Pet store puppies come from the large scale breeding industry, also known as puppy mills. Maine Department of Animal Welfare USDA reports show that 99.99 percent of all puppies sold in our pet stores are from mid-western large-scale breeding facilities.

We at Maine Citizens Against Puppy Mills are told stories from new pet store pup owners telling us how ill their new pup is. Sadly, these heartbreaking stories are common. Almost every day.

Despite the promises that pet store owners make and despite all of the seemingly official paperwork they provide to consumers, almost all puppies sold in pet stores come from puppy mills.

A puppy mill is an inhumane, commercial dog-breeding facility in which the health of the dogs is disregarded in order to maintain a low overhead and maximize profits. Each female dog is bred every heat cycle for maximum pups per year.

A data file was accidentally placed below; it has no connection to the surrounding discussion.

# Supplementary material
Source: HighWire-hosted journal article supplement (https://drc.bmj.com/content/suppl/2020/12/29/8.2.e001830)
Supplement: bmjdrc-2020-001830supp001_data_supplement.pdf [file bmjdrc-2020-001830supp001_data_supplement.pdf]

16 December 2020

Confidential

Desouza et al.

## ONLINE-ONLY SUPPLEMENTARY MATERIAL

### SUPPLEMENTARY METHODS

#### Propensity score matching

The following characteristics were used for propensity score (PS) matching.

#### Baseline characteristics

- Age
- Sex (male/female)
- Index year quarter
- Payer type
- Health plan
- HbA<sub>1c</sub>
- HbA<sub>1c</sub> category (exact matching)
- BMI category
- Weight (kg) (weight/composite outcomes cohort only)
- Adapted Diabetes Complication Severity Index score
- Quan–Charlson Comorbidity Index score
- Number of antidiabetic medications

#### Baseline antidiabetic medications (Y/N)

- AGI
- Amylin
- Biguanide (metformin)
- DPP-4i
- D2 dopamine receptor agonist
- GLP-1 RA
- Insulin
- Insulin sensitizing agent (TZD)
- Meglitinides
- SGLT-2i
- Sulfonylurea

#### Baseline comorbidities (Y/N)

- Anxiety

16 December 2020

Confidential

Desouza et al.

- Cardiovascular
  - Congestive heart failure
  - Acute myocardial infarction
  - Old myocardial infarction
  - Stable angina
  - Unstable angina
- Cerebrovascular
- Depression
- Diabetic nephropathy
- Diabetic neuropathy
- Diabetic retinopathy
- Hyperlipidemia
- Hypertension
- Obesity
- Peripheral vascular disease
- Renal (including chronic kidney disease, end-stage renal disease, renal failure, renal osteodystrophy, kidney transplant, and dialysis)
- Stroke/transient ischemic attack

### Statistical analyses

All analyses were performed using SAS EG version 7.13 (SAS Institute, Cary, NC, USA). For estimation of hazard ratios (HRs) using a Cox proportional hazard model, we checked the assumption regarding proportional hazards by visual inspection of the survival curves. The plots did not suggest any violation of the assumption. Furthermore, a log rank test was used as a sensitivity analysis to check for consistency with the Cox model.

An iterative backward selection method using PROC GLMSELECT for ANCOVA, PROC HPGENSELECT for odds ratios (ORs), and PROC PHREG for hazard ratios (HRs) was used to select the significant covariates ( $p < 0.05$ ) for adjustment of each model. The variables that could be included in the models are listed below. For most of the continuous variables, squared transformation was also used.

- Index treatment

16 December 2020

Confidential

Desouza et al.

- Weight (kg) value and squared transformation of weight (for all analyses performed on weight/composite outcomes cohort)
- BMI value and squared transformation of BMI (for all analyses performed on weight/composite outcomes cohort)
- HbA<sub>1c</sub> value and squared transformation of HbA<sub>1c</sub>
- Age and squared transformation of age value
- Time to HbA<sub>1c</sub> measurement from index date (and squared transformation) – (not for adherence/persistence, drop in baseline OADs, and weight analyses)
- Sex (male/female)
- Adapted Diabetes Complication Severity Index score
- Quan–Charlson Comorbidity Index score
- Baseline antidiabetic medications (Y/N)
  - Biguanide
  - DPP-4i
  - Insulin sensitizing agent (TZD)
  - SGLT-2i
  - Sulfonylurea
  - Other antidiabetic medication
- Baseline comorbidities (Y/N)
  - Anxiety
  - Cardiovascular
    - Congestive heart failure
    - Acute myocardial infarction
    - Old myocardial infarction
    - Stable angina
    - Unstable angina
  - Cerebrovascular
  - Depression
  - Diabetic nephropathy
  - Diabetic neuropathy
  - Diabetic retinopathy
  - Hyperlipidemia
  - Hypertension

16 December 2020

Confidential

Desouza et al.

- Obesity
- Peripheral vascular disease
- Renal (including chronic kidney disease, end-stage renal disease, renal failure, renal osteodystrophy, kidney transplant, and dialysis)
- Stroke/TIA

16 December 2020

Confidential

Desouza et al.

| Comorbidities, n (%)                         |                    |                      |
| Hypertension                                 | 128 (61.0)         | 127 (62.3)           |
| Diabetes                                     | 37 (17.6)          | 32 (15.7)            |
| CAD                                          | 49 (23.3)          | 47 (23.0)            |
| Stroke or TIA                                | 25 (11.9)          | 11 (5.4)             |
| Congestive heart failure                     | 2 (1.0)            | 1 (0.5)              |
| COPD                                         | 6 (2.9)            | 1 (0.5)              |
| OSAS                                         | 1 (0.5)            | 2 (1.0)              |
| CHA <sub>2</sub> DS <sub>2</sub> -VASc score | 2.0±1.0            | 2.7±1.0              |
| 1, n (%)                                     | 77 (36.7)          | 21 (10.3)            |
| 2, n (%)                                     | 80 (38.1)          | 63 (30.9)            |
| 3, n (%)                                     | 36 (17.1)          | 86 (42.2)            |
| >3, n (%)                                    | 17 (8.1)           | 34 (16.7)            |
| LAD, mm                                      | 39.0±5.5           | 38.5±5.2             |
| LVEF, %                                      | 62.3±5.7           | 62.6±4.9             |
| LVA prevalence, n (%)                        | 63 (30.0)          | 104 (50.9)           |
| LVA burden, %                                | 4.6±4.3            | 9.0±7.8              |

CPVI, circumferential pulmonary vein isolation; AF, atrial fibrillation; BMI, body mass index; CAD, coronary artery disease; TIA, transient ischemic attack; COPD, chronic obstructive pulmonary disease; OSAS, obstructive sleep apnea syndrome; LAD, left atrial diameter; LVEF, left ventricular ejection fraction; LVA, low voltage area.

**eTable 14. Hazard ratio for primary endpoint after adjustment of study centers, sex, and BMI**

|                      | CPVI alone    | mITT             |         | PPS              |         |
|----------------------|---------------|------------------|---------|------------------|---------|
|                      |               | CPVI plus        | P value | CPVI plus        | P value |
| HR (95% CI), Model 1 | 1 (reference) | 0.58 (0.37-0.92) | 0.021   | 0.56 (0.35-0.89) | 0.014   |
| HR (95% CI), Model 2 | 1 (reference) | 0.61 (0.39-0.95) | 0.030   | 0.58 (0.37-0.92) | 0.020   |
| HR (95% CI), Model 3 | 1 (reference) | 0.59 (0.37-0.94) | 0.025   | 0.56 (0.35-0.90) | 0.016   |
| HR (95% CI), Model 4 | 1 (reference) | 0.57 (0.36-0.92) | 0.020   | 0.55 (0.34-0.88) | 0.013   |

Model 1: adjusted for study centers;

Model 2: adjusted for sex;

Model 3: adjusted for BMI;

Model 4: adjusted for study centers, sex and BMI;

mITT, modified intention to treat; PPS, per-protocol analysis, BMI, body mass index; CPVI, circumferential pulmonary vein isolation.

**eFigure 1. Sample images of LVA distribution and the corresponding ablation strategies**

The dogs typically live in small wire-bottomed cages, with little food, water or veterinary care. When they can no longer breed, they are discarded. With such little care, it is not surprising that the puppies these dogs produce are often sick.

Consumers can avoid the heartbreak of bringing a sick puppy into their home by considering adoption from a shelter or rescue, or by purchasing a dog from a Maine responsible breeder who the family has met in person and who has shown the family where their puppies are born and raised.


Ending the business of puppy mills starts with you.

Lynne Fracassi

Maine Citizens Against Puppy Mills


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